Creators pay big time when they screw up.

When creators deliver late, it can cost them their contracts. Everyone in the production chain on a book pays when creators screw the deadline pooch. As the schedule gets shoved back, people wait longer for jobs and payment, and schedules on other projects have to be rearranged – on creator and publisher end – to make up for delays. Deadlines push up against other deadlines, one project dominoes against the next. Contracts sometimes include financial penalties for late delivery.

However, in all the years I have been in publishing, I have only had one publisher pay interest on their late payments. The small amount due meant that I got about 50 cents in fees, but I was surprised to get the fee at all. I’ve been paid months or years late – or not at all – for jobs, and this year was the first time I have ever had a publisher pay their contractually obligated late payment interest fee.

While reviewing a royalty statement recently, I found one of my clients had made an error in calculation. They had been shorting me on all my payments for nearly a year. However, I did not review my previous statements carefully, so didn’t catch it sooner. The cumulative effect over one year’s worth of royalty payments shows the publisher owes me another $2,000. I was nervous about contacting the accountant to point this out, certain I must be mistaken myself. But within a half hour, his assistant called to politely admit that, yes, I had been shorted and the amount would be calculated back into my payments in the next accounting period.

Which means that even though I’ve been getting shorted on each statement over the last year, I will have to wait until the end of the next accounting quarter to get my extra $2,000. And, of course, I would love to have that money before Christmas, but probably won’t. I’d love to pay off the $600 I owe on my car repairs now, and the interest on the money I owe on VISA accumulates.

I won’t be getting a penny in late payment fees on those royalties. The company is not obligated to do so in this case, and the mistake was an honest one. But if you or I paid someone late for whatever reason, we pay through the nose in interest. When clients pay us late, we lose big time.

Almost every small press I ever worked for paid late, very very late, or not at all.

They seem to think not paying freelancers is an inconvenience, not a hardship. But the value of the money a client fails to pay his creditors shrinks with every minute that client doesn’t meet his obligations to them.

Every minute your money is not being used to pay off debt or is not being invested it is worth less than its face value.

Consider that some of these publisher debts go back years.

The average freelancer is probably carrying debt and paying interest on that debt. And the client makes no provision to pay late charges on any of the debt he says he may or may not pay sometime in the dim and distant future.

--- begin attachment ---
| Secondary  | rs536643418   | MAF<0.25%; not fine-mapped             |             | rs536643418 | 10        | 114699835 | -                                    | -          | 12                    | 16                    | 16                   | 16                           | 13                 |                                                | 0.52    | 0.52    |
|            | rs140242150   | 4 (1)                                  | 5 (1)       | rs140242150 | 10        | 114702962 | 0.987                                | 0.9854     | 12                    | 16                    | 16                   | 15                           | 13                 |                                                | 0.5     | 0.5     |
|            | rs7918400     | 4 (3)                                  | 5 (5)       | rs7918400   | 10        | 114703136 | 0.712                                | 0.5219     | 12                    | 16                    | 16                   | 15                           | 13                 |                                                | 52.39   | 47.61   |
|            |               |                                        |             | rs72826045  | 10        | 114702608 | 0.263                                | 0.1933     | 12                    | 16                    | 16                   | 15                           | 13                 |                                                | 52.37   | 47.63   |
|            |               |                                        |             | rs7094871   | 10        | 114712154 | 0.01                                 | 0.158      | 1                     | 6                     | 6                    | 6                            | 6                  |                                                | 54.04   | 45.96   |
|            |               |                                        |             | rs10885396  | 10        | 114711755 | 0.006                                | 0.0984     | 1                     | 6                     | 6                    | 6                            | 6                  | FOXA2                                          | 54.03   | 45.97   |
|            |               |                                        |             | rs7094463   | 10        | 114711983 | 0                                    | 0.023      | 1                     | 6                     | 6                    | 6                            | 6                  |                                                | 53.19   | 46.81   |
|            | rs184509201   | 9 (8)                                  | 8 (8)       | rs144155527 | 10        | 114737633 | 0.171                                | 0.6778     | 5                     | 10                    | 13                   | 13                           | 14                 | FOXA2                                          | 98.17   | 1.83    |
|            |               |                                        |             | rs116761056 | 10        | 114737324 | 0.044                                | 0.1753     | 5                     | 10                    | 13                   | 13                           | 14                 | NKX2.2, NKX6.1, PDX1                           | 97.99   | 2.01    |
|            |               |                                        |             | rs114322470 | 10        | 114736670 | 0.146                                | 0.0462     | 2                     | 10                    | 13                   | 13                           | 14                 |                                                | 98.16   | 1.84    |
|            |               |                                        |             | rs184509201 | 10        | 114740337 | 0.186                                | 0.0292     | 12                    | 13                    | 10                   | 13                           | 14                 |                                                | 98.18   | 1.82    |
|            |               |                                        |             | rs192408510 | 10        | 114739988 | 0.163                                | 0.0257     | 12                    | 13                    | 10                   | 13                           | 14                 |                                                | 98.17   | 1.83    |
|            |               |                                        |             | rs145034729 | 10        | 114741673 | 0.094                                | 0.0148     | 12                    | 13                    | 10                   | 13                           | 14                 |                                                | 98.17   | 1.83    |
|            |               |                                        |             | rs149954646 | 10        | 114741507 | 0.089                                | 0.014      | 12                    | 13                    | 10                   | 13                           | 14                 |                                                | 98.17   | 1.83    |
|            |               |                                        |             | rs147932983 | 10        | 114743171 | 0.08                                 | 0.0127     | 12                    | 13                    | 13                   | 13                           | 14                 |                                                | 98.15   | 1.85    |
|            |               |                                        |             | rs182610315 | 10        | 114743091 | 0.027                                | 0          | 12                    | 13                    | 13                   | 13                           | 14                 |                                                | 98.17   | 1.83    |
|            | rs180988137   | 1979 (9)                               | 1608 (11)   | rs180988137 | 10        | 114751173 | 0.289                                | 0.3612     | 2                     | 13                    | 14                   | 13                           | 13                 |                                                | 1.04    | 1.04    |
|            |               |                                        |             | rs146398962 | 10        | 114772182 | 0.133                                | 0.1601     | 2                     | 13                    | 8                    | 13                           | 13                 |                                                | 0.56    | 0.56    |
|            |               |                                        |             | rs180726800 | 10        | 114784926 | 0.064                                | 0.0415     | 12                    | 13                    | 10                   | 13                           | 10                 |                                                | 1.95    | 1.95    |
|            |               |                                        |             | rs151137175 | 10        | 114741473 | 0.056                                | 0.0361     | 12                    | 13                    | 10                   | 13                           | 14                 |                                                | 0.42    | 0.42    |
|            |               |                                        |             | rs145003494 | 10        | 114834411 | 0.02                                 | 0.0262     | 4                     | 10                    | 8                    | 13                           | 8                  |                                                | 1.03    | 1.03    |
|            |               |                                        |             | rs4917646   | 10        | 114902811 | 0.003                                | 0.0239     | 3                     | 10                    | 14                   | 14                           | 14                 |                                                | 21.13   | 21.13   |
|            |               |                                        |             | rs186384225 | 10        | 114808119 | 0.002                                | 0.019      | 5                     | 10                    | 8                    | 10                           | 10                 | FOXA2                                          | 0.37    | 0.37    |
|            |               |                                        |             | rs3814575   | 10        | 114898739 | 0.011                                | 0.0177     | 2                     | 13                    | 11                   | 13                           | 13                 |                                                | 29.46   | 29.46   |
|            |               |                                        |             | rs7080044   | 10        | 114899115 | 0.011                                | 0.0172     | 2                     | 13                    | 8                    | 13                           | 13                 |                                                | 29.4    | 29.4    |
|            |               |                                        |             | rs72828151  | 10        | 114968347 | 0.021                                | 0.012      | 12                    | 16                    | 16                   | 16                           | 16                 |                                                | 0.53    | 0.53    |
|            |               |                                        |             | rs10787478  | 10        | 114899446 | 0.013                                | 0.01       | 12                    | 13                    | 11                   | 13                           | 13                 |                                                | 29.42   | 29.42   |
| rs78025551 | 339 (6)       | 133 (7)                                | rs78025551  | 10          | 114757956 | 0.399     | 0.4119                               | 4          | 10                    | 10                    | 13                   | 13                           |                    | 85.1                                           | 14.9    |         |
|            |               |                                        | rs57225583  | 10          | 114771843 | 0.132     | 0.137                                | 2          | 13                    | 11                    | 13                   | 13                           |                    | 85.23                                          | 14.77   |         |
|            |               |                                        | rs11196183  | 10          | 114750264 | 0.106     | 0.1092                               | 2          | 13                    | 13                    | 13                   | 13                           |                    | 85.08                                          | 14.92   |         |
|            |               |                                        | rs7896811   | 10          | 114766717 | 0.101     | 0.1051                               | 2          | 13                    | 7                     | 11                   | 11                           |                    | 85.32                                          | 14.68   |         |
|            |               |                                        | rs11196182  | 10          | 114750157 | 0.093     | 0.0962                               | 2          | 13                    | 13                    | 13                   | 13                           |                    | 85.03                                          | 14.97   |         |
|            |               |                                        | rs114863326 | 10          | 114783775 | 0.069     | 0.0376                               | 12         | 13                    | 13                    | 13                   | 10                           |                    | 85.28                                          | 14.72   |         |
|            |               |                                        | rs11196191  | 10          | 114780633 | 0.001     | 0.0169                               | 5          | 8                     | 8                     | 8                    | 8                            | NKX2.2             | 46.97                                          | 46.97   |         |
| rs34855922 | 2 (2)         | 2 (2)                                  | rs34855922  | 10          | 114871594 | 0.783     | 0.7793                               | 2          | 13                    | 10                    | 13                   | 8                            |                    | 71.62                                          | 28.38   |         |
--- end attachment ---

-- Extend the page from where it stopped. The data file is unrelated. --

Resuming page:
An unpaid debt of $1,000 is not an unpaid debt of $1,000. If the freelancer is carrying debt on credit cards with an average interest rate of 15%, that unpaid debt of $1,000 over the course of two years just cost an additional $347.35.

Consequently, for every $1,000 the client has not paid, the freelancers have lost that $347.35 in interest, and the face value of the $1,000 has dropped to $652.65. In only two years, the $1,000 has lost more than a third of its value.

Late paying clients aren’t an inconvenience, they literally drain the life right out of the freelancers they do not pay. A creator spends the hours of their life working to earn money just like anyone else does. Every minute you live costs money. Every minute you labor for which you are not paid has to be earned out somewhere else. The freelancer has to do double time to make up for deadbeats.

The time these freelancers could have spent working at McDonald’s would have been more profitable for them than working for most small press publishers. One month working for McDonald’s would have brought in over $600 and would have come with benefits.

Being published isn’t good enough. There are simply too many bottom feeders out there who take art and money, and who never come out with the finished work. And even when they do, the books usually bomb in the marketplace to the benefit of no one. It is not worth it to work for bad publishers to get a “big break”.

And to be perfectly frank, getting a clause in your contract which provides late payment penalties is easy. Collecting on those penalties from a publisher who pays you late is virtually impossible.

c

This post was originally written in response to the indifference Tight Lip Publishing exhibited toward freelancers to whom the company owes vast sums of money. To date, out of the tens of thousands of dollars owed, only one freelancer has been paid a portion of their fees. They received $100.